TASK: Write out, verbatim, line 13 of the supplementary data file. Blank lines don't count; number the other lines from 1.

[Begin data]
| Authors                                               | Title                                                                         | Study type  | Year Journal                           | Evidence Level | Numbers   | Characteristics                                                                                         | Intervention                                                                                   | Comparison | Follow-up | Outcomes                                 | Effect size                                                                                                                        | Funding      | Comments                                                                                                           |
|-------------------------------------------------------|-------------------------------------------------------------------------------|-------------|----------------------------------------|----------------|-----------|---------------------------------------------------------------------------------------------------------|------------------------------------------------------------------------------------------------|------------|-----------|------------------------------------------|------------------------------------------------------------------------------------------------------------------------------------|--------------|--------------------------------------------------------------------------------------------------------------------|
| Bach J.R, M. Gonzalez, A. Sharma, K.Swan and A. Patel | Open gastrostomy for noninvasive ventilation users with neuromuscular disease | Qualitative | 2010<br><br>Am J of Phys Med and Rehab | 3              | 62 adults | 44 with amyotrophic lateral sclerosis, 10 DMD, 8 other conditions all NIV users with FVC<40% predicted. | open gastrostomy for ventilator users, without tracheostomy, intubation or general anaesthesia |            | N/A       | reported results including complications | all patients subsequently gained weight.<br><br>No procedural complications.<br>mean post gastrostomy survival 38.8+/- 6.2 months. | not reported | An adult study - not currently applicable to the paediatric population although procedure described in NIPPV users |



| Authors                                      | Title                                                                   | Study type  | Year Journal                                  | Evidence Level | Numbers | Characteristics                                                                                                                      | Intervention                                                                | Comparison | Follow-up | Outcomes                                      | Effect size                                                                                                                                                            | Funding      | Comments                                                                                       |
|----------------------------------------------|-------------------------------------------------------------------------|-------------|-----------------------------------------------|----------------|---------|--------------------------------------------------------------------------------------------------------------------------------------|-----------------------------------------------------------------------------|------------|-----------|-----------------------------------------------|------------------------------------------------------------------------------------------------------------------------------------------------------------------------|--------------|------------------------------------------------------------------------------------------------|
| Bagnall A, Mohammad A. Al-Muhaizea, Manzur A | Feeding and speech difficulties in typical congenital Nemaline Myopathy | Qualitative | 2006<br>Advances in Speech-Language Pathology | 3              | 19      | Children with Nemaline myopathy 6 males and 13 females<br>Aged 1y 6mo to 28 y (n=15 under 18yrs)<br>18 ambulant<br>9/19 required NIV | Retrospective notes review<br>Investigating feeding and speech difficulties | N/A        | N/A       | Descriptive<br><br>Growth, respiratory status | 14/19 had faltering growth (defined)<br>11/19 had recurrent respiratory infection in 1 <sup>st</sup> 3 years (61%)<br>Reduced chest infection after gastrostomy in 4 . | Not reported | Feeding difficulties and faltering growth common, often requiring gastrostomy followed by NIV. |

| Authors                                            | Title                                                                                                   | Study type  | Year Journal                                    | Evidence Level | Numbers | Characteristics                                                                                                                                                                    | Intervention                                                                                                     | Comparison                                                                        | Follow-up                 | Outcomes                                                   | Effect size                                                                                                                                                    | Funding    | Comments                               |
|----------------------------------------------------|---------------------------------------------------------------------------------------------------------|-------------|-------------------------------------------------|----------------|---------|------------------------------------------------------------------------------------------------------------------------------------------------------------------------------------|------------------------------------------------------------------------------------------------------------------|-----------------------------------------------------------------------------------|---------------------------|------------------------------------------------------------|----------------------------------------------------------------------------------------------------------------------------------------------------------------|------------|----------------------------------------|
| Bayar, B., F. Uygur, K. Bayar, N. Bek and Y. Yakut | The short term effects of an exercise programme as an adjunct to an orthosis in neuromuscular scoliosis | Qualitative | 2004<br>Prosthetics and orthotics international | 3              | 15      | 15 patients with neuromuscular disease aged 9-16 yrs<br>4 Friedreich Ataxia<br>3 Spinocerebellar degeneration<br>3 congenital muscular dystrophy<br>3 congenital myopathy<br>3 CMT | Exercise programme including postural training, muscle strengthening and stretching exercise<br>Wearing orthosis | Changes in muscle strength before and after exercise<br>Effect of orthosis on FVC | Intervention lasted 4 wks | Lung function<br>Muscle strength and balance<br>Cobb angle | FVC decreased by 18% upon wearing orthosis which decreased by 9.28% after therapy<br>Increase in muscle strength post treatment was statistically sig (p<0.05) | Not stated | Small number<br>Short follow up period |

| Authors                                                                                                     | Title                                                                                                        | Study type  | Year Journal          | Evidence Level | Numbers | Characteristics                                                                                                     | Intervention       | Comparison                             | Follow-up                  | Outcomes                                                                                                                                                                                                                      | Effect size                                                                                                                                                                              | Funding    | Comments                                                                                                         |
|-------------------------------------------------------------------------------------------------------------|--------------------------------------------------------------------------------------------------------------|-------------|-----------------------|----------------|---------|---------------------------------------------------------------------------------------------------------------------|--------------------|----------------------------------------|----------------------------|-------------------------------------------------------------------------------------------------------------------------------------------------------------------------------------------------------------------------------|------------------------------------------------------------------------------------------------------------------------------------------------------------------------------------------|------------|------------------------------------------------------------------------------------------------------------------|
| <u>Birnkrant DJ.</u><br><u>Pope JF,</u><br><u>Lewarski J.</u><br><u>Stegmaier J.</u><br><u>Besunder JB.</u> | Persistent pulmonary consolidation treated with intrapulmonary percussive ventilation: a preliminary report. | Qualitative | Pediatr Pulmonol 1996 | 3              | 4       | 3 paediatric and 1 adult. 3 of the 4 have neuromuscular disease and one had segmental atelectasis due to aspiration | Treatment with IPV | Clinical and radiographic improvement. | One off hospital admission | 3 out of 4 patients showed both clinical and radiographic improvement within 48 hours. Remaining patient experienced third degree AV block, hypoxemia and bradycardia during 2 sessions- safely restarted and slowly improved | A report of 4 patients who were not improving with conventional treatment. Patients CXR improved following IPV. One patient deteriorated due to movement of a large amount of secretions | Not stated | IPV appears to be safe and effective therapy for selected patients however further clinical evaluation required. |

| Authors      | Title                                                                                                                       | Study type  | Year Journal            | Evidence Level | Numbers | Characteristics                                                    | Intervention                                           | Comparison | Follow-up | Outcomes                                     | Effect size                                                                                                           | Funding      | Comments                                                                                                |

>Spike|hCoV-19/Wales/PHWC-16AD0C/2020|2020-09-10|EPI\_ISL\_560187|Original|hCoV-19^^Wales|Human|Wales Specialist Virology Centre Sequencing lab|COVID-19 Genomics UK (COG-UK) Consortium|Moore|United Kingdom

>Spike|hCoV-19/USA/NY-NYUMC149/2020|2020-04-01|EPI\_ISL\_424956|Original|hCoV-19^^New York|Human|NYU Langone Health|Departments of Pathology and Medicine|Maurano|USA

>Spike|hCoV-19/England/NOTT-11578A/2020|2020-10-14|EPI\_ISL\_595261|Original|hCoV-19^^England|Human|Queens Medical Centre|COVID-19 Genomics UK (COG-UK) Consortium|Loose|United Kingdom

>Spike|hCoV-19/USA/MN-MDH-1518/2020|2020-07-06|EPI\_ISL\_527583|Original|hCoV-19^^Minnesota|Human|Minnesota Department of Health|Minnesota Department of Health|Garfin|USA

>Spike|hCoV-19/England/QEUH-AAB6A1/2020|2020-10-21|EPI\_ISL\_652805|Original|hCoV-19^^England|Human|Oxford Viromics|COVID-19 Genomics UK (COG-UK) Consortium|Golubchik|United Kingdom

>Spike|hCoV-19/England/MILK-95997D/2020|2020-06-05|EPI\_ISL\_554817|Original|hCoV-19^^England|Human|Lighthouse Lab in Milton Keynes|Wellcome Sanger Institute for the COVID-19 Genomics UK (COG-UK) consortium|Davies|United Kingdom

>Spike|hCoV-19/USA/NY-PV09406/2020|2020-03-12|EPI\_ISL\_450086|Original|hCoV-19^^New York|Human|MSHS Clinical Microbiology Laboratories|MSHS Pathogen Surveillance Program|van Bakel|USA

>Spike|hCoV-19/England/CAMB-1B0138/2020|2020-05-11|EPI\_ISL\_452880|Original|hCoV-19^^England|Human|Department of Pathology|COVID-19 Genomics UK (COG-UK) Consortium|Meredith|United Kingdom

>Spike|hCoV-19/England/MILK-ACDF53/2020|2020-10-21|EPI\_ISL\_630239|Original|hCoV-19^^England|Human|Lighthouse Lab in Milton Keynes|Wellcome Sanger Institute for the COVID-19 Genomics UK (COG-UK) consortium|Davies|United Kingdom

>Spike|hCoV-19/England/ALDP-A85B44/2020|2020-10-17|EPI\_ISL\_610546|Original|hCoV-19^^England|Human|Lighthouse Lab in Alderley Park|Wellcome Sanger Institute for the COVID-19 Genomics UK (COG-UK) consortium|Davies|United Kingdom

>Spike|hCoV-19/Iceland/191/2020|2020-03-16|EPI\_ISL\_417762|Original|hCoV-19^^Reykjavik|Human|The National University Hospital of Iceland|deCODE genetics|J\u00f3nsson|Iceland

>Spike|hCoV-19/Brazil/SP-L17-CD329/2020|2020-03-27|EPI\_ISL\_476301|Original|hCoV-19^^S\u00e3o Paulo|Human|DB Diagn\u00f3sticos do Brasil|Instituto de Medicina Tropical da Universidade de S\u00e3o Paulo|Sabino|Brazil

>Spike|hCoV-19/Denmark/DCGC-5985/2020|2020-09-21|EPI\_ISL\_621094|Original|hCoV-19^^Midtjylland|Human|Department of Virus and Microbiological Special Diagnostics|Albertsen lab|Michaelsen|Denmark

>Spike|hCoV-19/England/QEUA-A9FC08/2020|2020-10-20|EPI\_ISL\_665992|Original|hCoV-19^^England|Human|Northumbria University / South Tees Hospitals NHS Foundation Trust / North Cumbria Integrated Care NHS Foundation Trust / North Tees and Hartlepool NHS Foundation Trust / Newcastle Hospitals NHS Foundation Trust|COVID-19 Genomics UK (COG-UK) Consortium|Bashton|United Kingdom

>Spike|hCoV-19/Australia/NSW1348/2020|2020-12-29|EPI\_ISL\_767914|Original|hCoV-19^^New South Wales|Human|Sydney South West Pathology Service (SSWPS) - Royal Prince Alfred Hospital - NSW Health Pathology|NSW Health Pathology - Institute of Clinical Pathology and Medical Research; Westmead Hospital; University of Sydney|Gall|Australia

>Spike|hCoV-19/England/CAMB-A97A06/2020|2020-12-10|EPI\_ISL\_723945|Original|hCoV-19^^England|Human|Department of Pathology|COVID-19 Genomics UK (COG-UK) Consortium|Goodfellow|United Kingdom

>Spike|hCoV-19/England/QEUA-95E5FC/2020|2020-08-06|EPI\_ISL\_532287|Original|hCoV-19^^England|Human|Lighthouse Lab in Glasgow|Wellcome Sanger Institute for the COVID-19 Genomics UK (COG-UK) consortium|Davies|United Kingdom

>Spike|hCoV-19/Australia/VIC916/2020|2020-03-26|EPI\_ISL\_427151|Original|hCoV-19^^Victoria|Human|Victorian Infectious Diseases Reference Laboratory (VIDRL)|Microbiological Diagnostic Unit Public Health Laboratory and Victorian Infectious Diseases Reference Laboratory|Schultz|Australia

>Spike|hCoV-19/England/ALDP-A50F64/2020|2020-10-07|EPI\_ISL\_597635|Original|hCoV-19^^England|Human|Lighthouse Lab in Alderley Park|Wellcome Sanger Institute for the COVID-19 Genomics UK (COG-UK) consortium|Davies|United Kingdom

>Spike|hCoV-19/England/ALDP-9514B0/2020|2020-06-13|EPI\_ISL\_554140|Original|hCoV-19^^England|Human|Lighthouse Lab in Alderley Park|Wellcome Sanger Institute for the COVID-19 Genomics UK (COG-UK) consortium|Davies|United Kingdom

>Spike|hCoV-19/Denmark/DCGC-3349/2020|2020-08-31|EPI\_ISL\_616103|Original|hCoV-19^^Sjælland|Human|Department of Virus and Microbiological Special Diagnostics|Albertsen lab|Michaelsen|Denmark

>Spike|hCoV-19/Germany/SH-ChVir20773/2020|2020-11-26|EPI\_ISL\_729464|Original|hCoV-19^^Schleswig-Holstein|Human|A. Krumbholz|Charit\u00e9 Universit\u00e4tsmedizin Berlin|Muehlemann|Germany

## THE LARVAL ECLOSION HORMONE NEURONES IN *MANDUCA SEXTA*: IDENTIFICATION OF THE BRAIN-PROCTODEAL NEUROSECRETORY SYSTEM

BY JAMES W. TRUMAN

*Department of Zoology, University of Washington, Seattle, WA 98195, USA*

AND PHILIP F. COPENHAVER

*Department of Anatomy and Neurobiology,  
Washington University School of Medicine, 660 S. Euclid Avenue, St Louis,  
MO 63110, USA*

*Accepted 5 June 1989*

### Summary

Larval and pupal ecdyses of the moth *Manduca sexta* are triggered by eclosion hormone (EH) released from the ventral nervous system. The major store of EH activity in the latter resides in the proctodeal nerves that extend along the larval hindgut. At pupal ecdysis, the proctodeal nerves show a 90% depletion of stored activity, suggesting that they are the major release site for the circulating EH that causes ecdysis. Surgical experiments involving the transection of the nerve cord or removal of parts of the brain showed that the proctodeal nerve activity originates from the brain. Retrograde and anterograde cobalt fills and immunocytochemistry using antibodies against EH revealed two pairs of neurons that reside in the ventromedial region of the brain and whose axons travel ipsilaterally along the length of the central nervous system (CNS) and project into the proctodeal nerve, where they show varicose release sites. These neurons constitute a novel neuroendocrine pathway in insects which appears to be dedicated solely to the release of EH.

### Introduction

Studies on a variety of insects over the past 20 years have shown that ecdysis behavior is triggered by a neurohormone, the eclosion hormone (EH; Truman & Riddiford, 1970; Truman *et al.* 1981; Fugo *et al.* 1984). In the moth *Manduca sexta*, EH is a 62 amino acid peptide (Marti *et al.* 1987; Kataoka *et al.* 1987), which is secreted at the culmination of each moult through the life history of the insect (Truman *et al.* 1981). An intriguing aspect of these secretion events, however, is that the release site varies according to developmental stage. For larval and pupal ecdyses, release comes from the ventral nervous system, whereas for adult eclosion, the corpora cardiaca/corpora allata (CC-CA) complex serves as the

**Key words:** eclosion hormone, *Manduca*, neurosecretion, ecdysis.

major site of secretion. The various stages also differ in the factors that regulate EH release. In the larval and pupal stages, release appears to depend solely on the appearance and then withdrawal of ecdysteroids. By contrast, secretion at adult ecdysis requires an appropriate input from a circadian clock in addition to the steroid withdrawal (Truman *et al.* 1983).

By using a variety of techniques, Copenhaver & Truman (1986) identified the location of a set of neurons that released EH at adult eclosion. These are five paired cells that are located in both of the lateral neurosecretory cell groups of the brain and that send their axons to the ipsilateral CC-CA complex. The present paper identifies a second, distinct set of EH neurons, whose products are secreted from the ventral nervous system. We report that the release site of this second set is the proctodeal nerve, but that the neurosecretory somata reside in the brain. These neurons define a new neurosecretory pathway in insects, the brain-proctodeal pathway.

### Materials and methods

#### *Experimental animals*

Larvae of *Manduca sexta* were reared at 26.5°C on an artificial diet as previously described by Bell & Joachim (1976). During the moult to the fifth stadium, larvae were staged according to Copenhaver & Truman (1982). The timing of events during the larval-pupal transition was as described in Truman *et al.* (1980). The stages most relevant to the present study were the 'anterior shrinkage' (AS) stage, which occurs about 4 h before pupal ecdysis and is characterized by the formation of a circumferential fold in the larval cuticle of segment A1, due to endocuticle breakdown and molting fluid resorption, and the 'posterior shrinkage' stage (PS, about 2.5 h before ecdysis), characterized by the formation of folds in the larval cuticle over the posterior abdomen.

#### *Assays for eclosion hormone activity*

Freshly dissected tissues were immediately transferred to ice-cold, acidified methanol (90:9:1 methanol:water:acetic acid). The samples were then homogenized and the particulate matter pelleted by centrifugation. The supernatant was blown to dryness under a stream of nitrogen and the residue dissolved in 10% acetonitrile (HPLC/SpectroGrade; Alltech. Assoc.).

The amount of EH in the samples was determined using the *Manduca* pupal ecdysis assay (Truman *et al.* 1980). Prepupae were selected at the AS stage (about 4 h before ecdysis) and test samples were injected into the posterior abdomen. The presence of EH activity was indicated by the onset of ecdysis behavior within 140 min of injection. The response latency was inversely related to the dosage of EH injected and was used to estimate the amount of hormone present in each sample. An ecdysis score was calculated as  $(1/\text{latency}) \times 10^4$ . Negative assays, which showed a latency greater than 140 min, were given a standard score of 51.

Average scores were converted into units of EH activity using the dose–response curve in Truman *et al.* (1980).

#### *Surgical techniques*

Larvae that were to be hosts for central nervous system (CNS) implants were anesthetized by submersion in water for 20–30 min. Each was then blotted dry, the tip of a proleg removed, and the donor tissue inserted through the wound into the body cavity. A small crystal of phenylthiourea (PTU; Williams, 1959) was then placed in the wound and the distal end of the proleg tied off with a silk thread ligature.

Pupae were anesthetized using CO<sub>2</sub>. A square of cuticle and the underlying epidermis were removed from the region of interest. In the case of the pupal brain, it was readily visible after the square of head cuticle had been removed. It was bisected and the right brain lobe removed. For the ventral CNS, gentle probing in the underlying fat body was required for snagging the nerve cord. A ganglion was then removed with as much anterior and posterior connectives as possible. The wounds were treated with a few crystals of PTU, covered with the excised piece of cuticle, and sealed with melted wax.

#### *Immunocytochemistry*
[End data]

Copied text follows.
| Authors      | Title                                                                                                                       | Study type  | Year Journal            | Evidence Level | Numbers | Characteristics                                                    | Intervention                                           | Comparison | Follow-up | Outcomes                                     | Effect size                                                                                                           | Funding      | Comments                                                                                                |